Explore the Ways That Blake Presents the Abuse of Power in "London"
Blake wrote the poem ‘London’ as a first-person narrative that delves deep into the melancholy aspects of pain and woe that plagued the city at the time. Through the use of language, narrative, metaphors and rhyme schemes, Blake presents and extreme abuse of power that enslaves London’s society. As Blake starts the poem describing the narrator’s ‘wonder through each chartered street’ and the sight of the ‘chartered Thames’, he repeats the word ‘chartered’ as a bitter reference to the way that every aspect of London is owned and controlled. This emphasizes a real abuse of power in the fact that the authority and rich leaders of London are so corrupt that they feel the need to boost their power and gain absolute control over everything ; even the river which is usually a symbol of life and freedom, has been captured and possessed. This presents a large abuse of power when it suggests the need to control everything as it shows the obsession with power and how the leaders have taken something belonging to nature, and have controlled it as one of their own possessions as if it were a trophy.
For Blake, buildings, especially church buildings, often symbolised confinement, restriction and failure. In this poem, the lines “the Chimney-sweeper’s cry / Every blackening church appals”provide an association which reveals the speaker’s attitude. Money is spent on church buildings while children live in poverty, forced to clean chimneys – the soot from which blackens the church walls. To Blake, this makes a mockery of the love and care that should characterise the Christian religion. The “blackening” church walls are also linked to the running of “blood down Palace walls”.
The speaker is perhaps arguing that, unless conditions change, the people will be forced to revolt. The poem as a whole suggests Blake sees the rapid urbanisation in Britain at the time as a dangerous force. As Blake continues his narrator’s journeys and tells the reader of “the Chimney-sweepers’ cry”, he is emphasising that children are no longer free to enjoy childhood; instead working in dangerous conditions that are life-threatening and terrifying. Blake uses this line to create a sense of empathy within the reader that allows them to connect to the chimney-sweepers, whether it’s younger readers recognising this is what they would be doing in those times, or older readers recognising that it would be their own children endangering themselves daily in those times, and this lets them become aware of the frightening things the children had to do in those times. This represents a large abuse of power through the fact that authority are aware of the large amount of power and control that they have that means they can use children as a means of labour, and the people of London are so succumbing to the force of the government that they cannot stand up and resist the power and give their own children freedom. Blake uses a lot of sounds throughout ‘London’ to give an impact on the reader.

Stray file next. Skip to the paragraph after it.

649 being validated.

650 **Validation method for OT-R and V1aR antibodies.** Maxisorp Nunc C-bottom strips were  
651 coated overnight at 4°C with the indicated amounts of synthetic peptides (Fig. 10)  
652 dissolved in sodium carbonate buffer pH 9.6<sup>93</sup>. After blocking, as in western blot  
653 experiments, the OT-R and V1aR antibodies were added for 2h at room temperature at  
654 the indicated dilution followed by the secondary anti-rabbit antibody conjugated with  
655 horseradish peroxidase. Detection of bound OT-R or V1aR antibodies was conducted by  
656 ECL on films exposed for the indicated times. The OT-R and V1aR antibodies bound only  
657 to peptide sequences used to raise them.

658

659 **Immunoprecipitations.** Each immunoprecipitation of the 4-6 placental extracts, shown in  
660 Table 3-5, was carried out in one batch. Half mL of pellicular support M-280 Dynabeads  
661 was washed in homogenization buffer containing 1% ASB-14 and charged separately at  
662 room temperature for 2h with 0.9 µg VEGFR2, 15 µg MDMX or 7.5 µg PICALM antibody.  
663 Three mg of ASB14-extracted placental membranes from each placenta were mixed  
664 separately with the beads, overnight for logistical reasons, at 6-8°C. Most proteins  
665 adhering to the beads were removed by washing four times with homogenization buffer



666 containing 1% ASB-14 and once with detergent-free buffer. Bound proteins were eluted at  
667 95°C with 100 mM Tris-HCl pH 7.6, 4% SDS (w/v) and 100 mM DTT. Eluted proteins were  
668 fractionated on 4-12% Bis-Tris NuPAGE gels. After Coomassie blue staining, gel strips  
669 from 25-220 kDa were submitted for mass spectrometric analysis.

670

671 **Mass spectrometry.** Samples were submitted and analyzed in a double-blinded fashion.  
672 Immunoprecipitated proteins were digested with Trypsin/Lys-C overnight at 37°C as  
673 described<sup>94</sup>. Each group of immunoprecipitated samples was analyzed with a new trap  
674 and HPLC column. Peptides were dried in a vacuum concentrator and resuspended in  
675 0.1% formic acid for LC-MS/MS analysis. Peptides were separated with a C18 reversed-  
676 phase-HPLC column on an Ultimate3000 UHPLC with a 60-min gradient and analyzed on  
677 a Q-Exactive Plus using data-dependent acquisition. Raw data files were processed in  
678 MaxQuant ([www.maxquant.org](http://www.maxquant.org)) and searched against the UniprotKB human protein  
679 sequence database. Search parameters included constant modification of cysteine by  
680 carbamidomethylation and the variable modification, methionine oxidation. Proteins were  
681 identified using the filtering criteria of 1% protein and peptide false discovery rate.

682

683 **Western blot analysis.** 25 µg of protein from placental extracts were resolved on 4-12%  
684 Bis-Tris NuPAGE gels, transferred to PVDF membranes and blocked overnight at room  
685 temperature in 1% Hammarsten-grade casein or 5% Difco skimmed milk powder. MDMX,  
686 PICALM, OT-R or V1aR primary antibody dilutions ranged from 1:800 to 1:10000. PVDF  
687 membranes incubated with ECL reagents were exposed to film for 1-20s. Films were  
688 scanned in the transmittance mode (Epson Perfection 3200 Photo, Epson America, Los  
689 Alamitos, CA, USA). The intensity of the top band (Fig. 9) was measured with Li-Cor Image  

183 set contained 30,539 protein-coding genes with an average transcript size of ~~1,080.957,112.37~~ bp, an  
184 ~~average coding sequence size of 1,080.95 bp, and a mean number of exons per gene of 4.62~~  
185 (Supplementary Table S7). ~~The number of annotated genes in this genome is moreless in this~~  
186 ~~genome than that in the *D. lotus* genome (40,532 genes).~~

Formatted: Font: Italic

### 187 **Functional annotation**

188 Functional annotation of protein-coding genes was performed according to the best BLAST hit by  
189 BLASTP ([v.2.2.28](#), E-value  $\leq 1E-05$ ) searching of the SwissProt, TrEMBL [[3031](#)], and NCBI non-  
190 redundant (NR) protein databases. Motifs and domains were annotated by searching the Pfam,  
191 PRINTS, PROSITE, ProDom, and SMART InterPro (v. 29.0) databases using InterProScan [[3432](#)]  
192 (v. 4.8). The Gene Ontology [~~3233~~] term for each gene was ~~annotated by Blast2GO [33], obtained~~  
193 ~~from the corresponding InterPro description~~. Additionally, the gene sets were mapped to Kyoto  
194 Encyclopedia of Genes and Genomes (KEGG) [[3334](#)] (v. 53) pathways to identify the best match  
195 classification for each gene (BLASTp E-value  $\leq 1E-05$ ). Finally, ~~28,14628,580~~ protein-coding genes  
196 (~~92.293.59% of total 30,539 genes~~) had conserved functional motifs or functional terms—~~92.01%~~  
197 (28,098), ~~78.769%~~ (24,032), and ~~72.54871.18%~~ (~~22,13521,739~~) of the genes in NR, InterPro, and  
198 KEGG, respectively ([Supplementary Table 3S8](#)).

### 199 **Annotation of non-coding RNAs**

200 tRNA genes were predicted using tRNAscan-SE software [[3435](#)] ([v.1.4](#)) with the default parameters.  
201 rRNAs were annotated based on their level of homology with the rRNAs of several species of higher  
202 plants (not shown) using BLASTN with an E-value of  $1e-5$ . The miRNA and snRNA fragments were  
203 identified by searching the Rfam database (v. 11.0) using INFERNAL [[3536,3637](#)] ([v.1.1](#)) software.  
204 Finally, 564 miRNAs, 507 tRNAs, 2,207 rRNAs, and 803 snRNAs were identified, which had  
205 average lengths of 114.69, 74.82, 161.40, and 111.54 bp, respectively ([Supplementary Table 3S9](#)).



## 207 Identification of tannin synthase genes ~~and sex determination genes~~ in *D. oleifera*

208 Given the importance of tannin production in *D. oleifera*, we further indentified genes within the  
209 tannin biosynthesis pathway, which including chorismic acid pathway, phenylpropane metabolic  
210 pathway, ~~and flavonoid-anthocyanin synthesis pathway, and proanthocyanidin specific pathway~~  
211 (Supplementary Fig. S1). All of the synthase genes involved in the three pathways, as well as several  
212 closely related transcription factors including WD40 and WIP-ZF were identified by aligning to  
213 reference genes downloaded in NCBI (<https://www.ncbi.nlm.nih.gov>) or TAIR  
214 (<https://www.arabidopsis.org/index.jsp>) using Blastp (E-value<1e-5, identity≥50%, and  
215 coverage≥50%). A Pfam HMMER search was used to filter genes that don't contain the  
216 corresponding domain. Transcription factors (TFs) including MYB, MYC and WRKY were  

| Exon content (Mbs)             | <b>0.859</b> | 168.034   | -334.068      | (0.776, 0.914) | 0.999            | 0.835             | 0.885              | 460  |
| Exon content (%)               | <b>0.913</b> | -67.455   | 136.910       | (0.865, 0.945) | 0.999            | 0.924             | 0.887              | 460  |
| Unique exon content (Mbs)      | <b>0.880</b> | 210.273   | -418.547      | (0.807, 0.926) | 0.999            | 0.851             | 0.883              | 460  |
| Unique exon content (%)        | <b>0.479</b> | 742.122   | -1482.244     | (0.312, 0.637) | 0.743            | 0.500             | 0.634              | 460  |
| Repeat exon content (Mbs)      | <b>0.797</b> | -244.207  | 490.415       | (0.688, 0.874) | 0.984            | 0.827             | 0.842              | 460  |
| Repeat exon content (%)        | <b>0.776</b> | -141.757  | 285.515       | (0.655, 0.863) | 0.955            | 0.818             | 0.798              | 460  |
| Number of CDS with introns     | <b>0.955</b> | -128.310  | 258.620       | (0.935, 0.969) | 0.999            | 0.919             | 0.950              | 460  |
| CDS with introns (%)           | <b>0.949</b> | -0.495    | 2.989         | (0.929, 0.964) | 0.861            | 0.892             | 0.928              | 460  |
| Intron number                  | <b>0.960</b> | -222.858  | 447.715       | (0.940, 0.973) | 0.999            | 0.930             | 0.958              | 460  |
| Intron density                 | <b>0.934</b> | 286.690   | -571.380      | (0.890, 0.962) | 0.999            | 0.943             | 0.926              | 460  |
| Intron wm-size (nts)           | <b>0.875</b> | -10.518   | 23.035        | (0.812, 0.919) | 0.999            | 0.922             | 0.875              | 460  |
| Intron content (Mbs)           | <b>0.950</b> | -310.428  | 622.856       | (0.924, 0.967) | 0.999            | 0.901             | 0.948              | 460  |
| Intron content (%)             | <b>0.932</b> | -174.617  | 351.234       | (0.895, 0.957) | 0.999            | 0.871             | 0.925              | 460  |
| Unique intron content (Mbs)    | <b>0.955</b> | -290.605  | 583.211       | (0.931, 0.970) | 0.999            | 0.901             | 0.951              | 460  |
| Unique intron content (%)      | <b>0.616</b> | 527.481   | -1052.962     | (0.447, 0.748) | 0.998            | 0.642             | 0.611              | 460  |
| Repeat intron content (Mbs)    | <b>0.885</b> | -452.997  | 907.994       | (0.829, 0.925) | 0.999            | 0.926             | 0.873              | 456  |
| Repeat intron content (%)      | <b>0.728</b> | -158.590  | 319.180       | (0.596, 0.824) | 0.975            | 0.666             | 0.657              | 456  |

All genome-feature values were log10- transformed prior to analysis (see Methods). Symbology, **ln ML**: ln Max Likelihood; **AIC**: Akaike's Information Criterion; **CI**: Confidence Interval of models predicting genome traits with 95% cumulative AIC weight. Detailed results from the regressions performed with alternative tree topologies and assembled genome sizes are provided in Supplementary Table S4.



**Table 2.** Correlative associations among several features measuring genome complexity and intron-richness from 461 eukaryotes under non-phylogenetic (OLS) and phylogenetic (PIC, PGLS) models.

There is the “cry of fear”, the sigh of a soldier “Runs in blood down Palace walls” and newborn infants are blasted. There are cries, the sound of “mind-forg’d manacles” and curses. These sounds are all the result of anguish and pain, caused by conditions in the city. To start with, the narrator notices pain “In every cry of every Man, In every Infants cry of fear”. Through this use of repetition and empathy, Blake presents that their is not only an abuse of power and a sense of pain and anguish in London, but the lines connote that there are universal problems, everyone’s suffering.
Not just problems happening in London but everywhere in the world. Which makes everyone seem powerless. The use of repetition of ”every” emphasises the lack of hope for the future. The narrator then tells us how he can hear “the hapless Soldiers sigh” as it “Runs in blood down Palace walls”. This use of empathy and sound creates an atmospheric feeling of despair and hopelessness.
The soldiers have been put through pain and death for their country due to power of authority, but the monarchy is either unaware of their suffering, which is unlikely, or they simply do not care about the soldiers patriotic sacrifice. As with all the other pain and misery throughout the country, the people in power just put up walls and ignore the misery that needs to be addressed. This shows an abuse of power as they only use their power to do things they want done and things that help them, however ignore and block out the use of power to help the people of their country. In the first three lines of stanza two, the speaker makes it clear that “every” sound he hears is evidence of the “mind-forged manacles” . Manacles are like handcuffs. The speaker is suggesting that people’s minds are restricted and confined – that the city has abused their power and robbed the people of the ability to think.
The poem is full of negative language, which reveals the speaker’s attitude to the city. There are several references to violence, suggesting the speaker views the city as a danger to all who inhabit it. The speaker makes reference to the dirty conditions, which spoil everything, from churches to children. The city itself presented as a place where the usual morality is ignored, with negative consequences. Prostitution, which is prevalent, is seen as damaging the future of the family, both physically and spiritually.
Even the ABAB Iambic pentameter rhyme scheme is a controlled scheme that presents monotony and regularity. Overall, Blake uses many language techniques to create an extreme effect of being contained and regulated and Blake shows the extreme pain, anguish and misery that was caused by the huge abuse of power in the city that ruined people’s lives and caused nothing but melancholy depression and woe.